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Using Lay Witnesses To Combat Experts: Taking A Knife To A Gun Fight?

October 11, 2017

Authors

Luke Lantta

Using Lay Witnesses To Combat Experts: Taking A Knife To A Gun Fight?

October 11, 2017

by: Luke Lantta

Expert witnesses can be expensive.  Yet, in estate disputes, they may be unavoidable.  When a will gets challenged based on an alleged lack of testamentary capacity or undue influence, you can all but guarantee that the decedent’s treating physician and medical records will make an appearance.  On the other side, the parties will line up the decedent’s friends, family, associates and the like who interacted with the decedent around the time the will was executed to claim the decedent either lacked capacity or was totally competent.  But, are these lay witnesses enough to overcome the doctor?  Perhaps not.

The Supreme Court of Appeals of West Virginia‘s opinion in Merritt v. Wolford provides a good example of what often happens when a party tries to combat

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Alcoholism And Incapacity

May 24, 2013

Authors

Luke Lantta

Alcoholism And Incapacity

May 24, 2013

by: Luke Lantta

A common theme of plaintiffs in lack of capacity cases is that some kind of cognitive impairment, such as dementia, chronic alcoholism, or major depression, by itself indicates that the grantor or testator lacked the requisite capacity to create a trust or will, respectively.  In Dorsey v. Ratz (link from Justia), a Maryland federal court recently looked at whether the diagnosis of major depressive disorder and alcohol dependence suggested incompetence when it came to executing a change of beneficiary form on a life insurance policy.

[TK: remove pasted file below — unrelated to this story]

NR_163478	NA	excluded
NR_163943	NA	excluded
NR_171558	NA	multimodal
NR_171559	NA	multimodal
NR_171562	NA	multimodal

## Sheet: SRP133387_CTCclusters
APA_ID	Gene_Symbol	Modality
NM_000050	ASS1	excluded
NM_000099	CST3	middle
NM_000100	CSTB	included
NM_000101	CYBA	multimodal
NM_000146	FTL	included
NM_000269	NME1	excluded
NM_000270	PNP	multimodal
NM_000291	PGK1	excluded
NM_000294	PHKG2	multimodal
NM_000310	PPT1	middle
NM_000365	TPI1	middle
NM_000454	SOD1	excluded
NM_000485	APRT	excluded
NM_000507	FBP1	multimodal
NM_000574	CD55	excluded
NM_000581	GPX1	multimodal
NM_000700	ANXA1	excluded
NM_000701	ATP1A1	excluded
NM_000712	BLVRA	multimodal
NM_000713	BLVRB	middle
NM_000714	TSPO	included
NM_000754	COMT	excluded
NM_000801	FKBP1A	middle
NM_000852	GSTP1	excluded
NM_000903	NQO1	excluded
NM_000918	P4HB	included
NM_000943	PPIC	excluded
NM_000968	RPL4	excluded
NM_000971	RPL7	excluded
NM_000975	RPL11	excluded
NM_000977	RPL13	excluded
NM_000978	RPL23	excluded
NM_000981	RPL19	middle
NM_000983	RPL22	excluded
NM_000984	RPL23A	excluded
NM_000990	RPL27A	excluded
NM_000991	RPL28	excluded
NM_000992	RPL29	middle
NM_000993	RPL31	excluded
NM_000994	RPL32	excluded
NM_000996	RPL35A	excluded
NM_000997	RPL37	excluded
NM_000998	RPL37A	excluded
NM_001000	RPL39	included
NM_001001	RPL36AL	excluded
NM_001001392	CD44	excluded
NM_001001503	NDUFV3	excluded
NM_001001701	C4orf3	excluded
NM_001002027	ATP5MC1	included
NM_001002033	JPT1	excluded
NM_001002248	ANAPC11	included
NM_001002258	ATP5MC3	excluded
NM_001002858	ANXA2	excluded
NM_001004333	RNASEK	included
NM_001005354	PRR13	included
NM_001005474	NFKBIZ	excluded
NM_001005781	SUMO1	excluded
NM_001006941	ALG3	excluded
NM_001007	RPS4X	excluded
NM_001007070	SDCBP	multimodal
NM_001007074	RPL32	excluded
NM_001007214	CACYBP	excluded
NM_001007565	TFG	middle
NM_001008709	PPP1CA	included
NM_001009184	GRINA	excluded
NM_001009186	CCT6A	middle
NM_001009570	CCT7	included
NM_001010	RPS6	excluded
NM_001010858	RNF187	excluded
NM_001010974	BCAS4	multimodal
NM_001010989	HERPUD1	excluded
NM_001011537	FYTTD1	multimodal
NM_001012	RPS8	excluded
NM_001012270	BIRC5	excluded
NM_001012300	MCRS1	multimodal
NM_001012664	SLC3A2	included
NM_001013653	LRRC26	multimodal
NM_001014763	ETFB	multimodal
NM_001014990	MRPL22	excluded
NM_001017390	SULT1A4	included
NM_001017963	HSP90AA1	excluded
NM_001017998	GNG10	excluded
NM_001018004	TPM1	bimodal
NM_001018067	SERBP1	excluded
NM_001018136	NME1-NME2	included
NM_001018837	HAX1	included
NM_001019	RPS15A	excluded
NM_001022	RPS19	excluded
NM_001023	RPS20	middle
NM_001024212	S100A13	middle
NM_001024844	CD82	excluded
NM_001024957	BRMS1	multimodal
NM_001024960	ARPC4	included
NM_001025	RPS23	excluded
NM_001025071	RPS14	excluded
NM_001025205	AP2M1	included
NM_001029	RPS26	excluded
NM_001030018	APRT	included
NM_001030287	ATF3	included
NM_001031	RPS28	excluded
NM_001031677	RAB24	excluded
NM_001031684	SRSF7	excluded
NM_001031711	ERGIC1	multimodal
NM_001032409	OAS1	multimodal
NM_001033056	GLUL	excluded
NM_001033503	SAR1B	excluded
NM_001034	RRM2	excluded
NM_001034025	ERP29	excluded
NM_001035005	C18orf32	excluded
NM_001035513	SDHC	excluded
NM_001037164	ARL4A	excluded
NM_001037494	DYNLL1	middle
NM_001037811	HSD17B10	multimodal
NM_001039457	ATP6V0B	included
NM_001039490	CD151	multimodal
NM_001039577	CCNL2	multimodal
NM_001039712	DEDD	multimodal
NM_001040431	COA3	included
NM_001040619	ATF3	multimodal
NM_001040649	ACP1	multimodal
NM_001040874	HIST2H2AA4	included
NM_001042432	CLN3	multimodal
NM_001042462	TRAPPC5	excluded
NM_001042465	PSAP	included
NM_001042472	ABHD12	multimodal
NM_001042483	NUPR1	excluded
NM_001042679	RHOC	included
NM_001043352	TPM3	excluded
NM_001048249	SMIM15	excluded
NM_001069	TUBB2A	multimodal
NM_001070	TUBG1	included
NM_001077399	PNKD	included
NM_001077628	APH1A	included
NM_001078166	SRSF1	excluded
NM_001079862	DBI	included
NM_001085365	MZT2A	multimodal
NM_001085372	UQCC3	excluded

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Who Should An Expert On Testamentary Capacity Talk To Before Rendering An Opinion?

February 27, 2013

Authors

Luke Lantta

Who Should An Expert On Testamentary Capacity Talk To Before Rendering An Opinion?

February 27, 2013

by: Luke Lantta

Whether a testator had the requisite capacity to execute a will is often the subject of lay testimony.  We’ve frequently talked here about how important the testimony of the drafting attorney, the attesting witnesses, and the notary are in undue influence or lack of testamentary capacity cases.  But, sometimes it may be worth getting an expert to testify in these cases especially when there may be some complex capacity issues.  If you get an expert, however, there’s still the issue of qualifying him or her.

And, even if you have an expert, here’s another reminder of how important the drafting attorney and witnesses to the will are.  In Fowler v. Kulhowvick (Rule 1:28 decision), a Massachusetts probate court actually rejected the expert testimony of a psychologist who failed to interview the drafting attorney and witnesses before offering an opinion on

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